Ask Jill:

What You Should Know About Open Enrollment (Part II)

A monthly Q&A with Jill Schlesinger, CFP®, host of the Jill on Money podcast

Disclaimer: Jill Schlesinger is an ambassador for Marcus by Goldman Sachs and has received financial compensation. However, all thoughts and opinions are hers.

Marcus by Goldman Sachs is the sponsor of the Jill on Money podcast, featuring Jill Schlesinger, a Certified Financial Planner, CBS News Business Analyst and author of the new book “The Dumb Things Smart People Do With Their Money”. Listen to her podcast on Apple and Stitcher.

The Scenario:

Open enrollment season is quickly approaching and the choices can be overwhelming.

The Question:

Other than the benefits I should take advantage of during open enrollment season, what other employer benefits should I be maximizing?

Jill’s Take:

In the second part of this series, let’s look at retirement savings and education benefits.

Retirement savings

Traditional Plans: In 2019, participants in 401(k)s, 403(b)s, most 457 plans and the federal government Thrift Savings Plan were able to make a maximum pre-tax contribution of $19,000, with a bonus catch-up amount of up to $6,000 for employees ages 50 and older. These amounts do not include employer matches. Remember: it’s wise to make sure you’re contributing at least enough of your own money to take advantage of your employer’s matching program, if it’s offered.

If your plan provider allows for automatic contribution escalations, choose it! By doing so, you can make sure that you are increasing your contribution level each year. While you’re at it, if there is an “auto-balancing” feature, use that too – it will keep your investment allocation in line with your desired target percentages for each holding.

Roth Plans: Nearly three-quarters of plans are offering Roth 401(k)s to participants, yet only about 7.5 percent of participants are using them. As a reminder, with a Roth, workers make contributions using after-tax dollars and then are able to take tax-free withdrawals in retirement, as long as they follow the rules of the plan.

If your plan provider allows for automatic contribution escalations, choose it!

Roth 401(k)s are great for those who expect their tax brackets to rise in the future, and for higher income employees since Roth 401(k)s are not subject to minimum distribution requirements after age 70½, as long as they are rolled over to a Roth IRA.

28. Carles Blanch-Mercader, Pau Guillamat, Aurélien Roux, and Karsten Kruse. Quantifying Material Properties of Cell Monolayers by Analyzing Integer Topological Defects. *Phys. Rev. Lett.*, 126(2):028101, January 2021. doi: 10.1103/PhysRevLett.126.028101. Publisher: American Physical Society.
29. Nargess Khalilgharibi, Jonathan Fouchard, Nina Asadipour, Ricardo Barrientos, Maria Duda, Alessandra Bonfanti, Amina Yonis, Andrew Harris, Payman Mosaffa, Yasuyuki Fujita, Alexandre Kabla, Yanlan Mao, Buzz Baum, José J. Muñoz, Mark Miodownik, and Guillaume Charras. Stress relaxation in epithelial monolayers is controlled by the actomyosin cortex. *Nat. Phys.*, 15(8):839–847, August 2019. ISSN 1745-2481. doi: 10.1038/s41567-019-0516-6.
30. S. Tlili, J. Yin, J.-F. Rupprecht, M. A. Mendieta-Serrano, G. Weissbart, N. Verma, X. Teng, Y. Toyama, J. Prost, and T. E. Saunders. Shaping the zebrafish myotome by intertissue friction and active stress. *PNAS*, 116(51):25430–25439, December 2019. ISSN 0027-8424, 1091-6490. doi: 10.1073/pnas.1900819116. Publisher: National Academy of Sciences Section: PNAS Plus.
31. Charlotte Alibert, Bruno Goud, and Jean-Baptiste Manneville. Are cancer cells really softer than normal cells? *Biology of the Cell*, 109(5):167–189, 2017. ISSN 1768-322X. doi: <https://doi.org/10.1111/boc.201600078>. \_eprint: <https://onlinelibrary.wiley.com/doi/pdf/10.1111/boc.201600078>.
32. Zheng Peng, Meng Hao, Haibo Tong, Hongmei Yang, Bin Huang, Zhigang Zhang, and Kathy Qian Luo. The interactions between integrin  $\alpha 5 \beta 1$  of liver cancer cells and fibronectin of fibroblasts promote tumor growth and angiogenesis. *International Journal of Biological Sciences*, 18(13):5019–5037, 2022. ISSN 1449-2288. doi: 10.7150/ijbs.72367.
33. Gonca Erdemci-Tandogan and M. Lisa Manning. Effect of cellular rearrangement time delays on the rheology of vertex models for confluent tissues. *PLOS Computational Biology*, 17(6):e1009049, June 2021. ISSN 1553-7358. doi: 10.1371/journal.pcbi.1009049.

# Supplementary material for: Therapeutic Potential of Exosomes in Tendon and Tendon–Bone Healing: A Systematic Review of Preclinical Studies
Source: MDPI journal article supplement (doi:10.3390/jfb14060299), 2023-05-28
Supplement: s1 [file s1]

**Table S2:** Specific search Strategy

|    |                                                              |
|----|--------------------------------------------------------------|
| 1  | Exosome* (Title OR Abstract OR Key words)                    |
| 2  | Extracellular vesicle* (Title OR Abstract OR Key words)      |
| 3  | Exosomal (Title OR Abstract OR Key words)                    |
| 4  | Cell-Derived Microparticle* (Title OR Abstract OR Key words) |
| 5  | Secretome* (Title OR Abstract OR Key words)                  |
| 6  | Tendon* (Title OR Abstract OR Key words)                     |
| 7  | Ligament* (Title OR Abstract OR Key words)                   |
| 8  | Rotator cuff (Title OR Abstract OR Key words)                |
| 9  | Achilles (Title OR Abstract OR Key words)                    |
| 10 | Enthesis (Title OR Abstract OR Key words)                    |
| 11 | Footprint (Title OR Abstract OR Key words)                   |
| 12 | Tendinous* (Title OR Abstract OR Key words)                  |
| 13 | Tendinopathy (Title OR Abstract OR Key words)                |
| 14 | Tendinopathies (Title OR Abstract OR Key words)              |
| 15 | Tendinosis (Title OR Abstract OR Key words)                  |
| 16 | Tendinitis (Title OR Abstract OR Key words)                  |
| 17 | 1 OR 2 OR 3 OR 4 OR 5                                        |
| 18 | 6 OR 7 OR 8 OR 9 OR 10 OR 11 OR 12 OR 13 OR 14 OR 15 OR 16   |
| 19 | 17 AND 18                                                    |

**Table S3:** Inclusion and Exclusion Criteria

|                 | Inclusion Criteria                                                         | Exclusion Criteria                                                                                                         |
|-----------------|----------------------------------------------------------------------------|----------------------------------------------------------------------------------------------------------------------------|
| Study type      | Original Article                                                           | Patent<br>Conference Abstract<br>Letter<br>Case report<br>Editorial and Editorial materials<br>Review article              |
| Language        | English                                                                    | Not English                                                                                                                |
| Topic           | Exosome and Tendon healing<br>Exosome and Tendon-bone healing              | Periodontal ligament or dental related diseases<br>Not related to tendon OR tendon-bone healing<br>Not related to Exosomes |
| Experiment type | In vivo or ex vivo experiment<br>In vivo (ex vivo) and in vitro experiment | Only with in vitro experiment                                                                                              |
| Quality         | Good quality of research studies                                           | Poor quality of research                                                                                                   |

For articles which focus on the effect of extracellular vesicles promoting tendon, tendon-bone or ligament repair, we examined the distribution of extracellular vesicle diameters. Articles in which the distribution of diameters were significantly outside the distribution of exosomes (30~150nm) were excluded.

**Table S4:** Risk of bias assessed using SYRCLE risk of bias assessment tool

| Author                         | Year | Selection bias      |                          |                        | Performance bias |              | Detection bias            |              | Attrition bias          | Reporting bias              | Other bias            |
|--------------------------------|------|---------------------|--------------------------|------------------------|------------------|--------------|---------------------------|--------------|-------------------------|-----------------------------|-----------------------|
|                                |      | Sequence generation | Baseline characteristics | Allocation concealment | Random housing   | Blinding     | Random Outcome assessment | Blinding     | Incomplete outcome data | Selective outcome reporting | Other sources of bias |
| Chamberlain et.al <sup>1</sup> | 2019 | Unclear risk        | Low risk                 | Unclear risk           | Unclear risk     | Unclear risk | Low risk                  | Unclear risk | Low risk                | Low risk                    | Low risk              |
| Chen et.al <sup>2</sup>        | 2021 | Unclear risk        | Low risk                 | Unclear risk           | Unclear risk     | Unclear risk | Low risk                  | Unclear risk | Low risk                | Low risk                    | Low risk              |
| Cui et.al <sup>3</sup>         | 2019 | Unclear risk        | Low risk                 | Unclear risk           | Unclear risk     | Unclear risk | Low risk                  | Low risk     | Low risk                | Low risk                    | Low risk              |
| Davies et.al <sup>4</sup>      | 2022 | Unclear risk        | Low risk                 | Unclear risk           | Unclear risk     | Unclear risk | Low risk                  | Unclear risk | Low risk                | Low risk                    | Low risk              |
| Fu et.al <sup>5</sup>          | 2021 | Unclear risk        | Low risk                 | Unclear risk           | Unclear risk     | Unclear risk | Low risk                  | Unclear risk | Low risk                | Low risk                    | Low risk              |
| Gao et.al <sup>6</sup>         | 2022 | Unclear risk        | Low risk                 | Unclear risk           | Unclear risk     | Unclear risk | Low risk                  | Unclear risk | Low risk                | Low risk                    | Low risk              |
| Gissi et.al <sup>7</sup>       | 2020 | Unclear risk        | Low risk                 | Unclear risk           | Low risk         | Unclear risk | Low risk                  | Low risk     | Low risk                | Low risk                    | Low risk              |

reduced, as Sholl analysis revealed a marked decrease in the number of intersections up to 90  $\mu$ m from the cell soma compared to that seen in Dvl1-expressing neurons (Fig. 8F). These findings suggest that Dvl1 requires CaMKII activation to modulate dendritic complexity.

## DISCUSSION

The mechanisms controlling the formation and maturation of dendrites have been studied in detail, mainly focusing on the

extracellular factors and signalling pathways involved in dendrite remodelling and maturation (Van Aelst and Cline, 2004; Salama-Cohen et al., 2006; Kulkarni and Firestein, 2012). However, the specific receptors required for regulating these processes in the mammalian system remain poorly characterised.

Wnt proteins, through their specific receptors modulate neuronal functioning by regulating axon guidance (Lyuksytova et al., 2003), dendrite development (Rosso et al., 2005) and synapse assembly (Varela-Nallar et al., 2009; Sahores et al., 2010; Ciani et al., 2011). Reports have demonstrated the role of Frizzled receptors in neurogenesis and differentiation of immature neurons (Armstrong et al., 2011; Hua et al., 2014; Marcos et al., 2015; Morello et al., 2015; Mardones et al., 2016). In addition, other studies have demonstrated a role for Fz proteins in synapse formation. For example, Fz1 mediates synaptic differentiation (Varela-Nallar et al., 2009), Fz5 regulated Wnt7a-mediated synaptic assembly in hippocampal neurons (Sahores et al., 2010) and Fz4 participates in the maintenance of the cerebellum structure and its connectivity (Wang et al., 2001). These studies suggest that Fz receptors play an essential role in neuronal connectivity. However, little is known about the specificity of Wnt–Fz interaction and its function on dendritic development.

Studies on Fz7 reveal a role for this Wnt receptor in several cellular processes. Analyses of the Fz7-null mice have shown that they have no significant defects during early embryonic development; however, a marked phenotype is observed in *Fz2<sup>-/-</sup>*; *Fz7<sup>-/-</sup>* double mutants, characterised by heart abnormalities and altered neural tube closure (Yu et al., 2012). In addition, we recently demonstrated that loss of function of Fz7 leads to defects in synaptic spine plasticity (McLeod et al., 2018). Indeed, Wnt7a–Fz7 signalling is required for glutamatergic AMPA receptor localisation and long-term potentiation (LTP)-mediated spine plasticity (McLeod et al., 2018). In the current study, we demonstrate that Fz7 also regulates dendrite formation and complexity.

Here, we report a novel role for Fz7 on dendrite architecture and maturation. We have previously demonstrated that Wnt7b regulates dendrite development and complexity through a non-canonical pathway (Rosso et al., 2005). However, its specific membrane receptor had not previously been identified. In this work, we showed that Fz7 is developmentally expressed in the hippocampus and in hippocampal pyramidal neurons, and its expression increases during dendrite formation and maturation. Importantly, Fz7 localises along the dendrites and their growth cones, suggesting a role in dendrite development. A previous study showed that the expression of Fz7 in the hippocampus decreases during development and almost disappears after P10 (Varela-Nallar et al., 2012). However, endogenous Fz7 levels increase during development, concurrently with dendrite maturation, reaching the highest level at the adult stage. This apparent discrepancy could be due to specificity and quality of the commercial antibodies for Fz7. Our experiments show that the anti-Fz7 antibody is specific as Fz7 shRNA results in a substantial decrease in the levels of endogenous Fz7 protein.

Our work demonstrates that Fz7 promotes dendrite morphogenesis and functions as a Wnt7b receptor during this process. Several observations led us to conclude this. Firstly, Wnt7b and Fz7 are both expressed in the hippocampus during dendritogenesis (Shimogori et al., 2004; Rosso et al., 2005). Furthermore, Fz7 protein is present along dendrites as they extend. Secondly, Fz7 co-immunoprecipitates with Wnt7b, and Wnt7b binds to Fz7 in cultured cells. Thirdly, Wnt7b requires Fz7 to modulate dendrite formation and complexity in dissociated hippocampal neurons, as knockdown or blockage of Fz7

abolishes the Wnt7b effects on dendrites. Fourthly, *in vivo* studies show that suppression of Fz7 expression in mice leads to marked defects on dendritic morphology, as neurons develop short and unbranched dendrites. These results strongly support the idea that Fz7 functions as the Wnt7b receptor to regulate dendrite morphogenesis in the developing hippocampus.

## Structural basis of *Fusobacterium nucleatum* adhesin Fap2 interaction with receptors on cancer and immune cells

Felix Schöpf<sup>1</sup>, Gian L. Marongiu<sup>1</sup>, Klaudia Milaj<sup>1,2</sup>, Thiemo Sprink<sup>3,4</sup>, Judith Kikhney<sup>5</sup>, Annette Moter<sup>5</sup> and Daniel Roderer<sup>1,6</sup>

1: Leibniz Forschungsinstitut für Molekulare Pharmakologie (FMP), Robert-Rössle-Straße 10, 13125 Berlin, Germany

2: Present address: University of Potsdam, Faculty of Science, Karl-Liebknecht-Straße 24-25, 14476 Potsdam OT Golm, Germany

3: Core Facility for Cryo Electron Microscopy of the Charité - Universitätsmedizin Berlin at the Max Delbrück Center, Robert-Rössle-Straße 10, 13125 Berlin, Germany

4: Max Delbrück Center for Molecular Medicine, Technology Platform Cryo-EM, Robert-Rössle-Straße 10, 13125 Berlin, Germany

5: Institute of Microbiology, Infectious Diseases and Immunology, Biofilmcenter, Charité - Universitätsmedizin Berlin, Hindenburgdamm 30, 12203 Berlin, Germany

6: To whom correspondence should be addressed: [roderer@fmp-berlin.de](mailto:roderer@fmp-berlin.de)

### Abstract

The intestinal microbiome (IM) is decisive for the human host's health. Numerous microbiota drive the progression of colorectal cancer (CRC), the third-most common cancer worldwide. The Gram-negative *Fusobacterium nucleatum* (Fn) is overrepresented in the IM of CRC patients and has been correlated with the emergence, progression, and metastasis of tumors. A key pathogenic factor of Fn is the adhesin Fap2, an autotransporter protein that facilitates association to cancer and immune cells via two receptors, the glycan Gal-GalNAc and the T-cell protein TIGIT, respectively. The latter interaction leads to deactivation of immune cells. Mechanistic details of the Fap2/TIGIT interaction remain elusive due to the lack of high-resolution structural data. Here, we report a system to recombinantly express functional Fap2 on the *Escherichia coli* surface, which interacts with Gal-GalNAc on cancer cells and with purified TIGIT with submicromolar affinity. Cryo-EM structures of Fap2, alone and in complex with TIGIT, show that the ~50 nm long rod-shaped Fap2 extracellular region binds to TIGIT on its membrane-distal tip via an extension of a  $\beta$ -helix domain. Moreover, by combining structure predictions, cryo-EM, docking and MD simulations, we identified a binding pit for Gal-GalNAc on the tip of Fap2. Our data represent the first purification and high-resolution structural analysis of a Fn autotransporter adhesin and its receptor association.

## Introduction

Mega Backdoor Roth Conversions: This is a little complicated, but first understand that a backdoor Roth IRA conversion is a strategy that allows those with earned income that is too high to qualify for a Roth contribution to make an after-tax contribution into an IRA and then immediately convert it into a Roth IRA. There are specific rules about how to do this, so you need to be careful. Given the complexity and potential tax risks of backdoor Roth conversions, it’s a good idea to speak with your financial advisor if you’re considering one.   

A step up from a backdoor Roth is the mega backdoor Roth. This is a super-sized backdoor Roth for those who have a 401(k) at work – either a traditional or Roth –that allows your contributions to get even more money (up to an additional $37,000) into a Roth account. The IRS has blessed this strategy, but there are specific steps that you will need to follow in order to comply. Your employer also has to offer something called an in-service rollover to a Roth IRA or let you move money from the after-tax portion of your plan into the Roth 401(k) part of the plan.

Education

Paying Off Student Loans: According to the 2019 Society for Human Resource Management survey, “employer-provided student loan repayment as a benefit has doubled since 2018 from four percent to eight percent.” Taking advantage of this benefit should be a no-brainer if you’re paying down student debt and your company offers this perk.

Reimbursement for continuing education: This valuable benefit is tougher to find, but some employers still help pay for undergraduate, graduate and certificate classes. There is usually a requirement that workers earn at least a “B” to qualify for reimbursement.

This article is for informational purposes only and is not a substitute for individualized professional advice. Articles on this site were commissioned and approved by Marcus by Goldman Sachs®, but may not reflect the institutional opinions of The Goldman Sachs Group, Inc., Goldman Sachs Bank USA or any of their affiliates, subsidiaries or divisions.